He also posted copies of tweets from the afternoon on Jan. 6, calling for protestors to be “peaceful.” During the Jan. 6 hearings, former White House deputy press secretary Sarah Matthews testified that she was told Trump did not want to include any mention of “peace” in his tweets, but ultimately gave in to White House officials and advisers urged the former president to do more as the violent attack was unfolding. 

The criminal referrals are just the latest in a long line of legal battles Trump is facing as he ramps up his third presidential campaign.  

12:35 p.m. ET, December 19, 2022

DOJ investigators await committee evidence — including thousands of hours of witness interviews

From CNN's Evan Perez

For Justice Department investigators, more important than the referrals from the Jan. 6 committee, is obtaining the evidence the committee gathered — notably the transcripts of thousands of hours of interviews with witnesses. 

Justice officials have pushed for access to interview transcripts for months, and the committee announced that it would turn over a limited number of witness interviews over the summer. 

But to the frustration of prosecutors and US Attorney General Merrick Garland, the committee largely has held on to most of its evidence. 

Investigators have closely monitored the committee’s public presentations, but much has changed in the Justice Department probes of Trump since the last hearing.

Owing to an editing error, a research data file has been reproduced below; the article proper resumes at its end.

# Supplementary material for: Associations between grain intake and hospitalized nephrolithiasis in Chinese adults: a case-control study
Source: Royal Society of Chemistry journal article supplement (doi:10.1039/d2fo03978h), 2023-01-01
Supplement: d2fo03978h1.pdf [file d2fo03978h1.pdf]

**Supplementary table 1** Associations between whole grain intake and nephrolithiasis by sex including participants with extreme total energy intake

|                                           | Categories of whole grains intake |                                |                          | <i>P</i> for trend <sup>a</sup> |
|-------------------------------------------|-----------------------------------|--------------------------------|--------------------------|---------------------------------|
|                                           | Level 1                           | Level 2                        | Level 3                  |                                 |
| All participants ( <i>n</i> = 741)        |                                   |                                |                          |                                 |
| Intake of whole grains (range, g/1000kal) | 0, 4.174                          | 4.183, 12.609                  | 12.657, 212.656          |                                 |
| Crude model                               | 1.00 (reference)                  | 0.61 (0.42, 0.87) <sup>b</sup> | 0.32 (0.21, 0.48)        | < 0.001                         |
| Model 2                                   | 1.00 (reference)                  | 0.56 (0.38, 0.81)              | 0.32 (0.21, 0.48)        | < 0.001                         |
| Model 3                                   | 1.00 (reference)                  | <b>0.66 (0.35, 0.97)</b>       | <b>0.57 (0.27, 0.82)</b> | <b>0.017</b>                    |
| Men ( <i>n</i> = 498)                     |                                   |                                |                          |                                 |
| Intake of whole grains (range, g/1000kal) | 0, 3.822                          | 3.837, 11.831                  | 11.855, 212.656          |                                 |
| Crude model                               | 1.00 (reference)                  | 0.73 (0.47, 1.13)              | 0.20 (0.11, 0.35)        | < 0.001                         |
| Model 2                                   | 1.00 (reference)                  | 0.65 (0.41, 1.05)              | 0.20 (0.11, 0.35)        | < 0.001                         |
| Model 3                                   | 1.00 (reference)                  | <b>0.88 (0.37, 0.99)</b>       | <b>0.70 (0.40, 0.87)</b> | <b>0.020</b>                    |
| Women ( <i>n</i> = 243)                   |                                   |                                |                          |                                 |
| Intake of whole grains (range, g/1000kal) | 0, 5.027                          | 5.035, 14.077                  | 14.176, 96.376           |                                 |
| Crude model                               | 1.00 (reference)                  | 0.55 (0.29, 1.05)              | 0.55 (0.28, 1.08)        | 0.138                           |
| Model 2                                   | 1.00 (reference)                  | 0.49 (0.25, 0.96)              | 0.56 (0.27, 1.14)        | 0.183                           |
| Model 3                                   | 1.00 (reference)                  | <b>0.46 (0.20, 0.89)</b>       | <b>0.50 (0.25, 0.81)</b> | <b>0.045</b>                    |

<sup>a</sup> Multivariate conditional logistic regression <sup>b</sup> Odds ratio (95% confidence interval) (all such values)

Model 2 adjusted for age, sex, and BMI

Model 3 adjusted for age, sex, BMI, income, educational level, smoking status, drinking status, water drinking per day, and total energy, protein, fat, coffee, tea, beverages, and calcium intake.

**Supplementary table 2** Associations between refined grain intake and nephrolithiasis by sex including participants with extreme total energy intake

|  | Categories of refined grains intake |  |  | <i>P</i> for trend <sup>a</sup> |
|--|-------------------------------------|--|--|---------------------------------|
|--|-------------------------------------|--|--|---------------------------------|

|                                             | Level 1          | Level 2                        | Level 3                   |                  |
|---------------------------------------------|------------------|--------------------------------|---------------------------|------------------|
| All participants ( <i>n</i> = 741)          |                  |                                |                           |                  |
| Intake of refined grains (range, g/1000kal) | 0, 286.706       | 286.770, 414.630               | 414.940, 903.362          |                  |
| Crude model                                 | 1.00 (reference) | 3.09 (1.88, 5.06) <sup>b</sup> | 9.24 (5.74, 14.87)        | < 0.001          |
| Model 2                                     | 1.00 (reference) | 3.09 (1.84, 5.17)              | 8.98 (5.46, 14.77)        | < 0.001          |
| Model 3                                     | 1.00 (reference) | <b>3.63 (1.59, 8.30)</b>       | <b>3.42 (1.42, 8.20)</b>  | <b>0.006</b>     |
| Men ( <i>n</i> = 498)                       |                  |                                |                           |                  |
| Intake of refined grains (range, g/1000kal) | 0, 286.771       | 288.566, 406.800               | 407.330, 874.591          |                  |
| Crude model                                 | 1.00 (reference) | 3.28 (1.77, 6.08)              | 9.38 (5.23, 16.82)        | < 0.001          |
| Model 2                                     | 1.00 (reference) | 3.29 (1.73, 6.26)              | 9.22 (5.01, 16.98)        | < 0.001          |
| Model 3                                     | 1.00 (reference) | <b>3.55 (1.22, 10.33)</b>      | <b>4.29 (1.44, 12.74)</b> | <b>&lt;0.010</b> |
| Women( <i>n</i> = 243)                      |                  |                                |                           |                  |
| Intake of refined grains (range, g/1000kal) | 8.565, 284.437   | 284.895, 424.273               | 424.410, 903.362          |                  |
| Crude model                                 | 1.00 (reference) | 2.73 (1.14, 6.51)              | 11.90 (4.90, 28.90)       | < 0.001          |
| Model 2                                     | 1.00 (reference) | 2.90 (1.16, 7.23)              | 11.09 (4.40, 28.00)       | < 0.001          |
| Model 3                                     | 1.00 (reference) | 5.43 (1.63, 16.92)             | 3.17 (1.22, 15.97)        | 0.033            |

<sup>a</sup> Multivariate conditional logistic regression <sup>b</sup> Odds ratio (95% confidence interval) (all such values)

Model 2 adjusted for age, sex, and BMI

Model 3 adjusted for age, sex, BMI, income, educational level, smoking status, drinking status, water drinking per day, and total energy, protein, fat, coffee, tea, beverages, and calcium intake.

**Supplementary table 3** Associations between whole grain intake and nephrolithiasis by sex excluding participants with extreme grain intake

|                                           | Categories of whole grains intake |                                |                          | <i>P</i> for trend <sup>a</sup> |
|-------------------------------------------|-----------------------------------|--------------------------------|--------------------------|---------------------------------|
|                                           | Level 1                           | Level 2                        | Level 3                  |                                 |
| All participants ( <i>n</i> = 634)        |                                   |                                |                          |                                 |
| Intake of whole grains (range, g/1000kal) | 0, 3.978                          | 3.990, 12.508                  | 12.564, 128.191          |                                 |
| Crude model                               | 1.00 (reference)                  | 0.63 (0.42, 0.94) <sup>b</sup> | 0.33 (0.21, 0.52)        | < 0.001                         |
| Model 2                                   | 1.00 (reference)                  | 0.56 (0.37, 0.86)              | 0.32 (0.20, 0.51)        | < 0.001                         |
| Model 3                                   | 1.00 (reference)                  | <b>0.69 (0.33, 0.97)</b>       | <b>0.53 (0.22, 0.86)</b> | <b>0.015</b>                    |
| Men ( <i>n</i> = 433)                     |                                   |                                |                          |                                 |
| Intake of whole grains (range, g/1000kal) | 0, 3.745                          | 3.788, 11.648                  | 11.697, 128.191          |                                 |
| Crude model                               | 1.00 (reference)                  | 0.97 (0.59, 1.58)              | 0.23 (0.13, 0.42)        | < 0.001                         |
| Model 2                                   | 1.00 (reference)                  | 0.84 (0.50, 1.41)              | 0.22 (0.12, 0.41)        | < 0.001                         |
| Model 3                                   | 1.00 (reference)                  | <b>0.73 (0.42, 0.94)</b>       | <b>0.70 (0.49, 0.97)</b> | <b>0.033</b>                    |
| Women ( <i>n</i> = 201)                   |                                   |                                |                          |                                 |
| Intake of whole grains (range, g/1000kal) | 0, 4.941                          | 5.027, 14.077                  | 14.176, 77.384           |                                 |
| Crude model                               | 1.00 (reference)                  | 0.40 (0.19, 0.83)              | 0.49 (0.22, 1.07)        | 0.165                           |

In August, the FBI carried out an extraordinary search of the former president’s home to recover thousands of pages of government documents, including national security material classified at the highest levels. That action revealed the existence of a second Trump investigation, for alleged illegal retention of classified documents and obstruction. 

And now, special counsel Jack Smith overseeing both two Trump investigations.

1:02 p.m. ET, December 19, 2022

Today's committee meeting is expected to have a "simple and sober" tone

From CNN's Sara Murray and Zachary Cohen

House select committee chair Rep. Bennie Thompson and Rep. Adam Kinzinger walk in together for the start of the final public meeting on Monday.
House select committee chair Rep. Bennie Thompson and Rep. Adam Kinzinger walk in together for the start of the final public meeting on Monday. (Jonathan Ernst/Reuters)

As the House select committee investigating the Jan. 6 insurrection lays out its evidence and criminal referrals today, lawmakers are expected to hit a sober tone, sources say.

“The point of this meeting will be simple and sober,” one source told CNN. 

Today’s meeting is expected to be relatively brief with some multimedia presentations.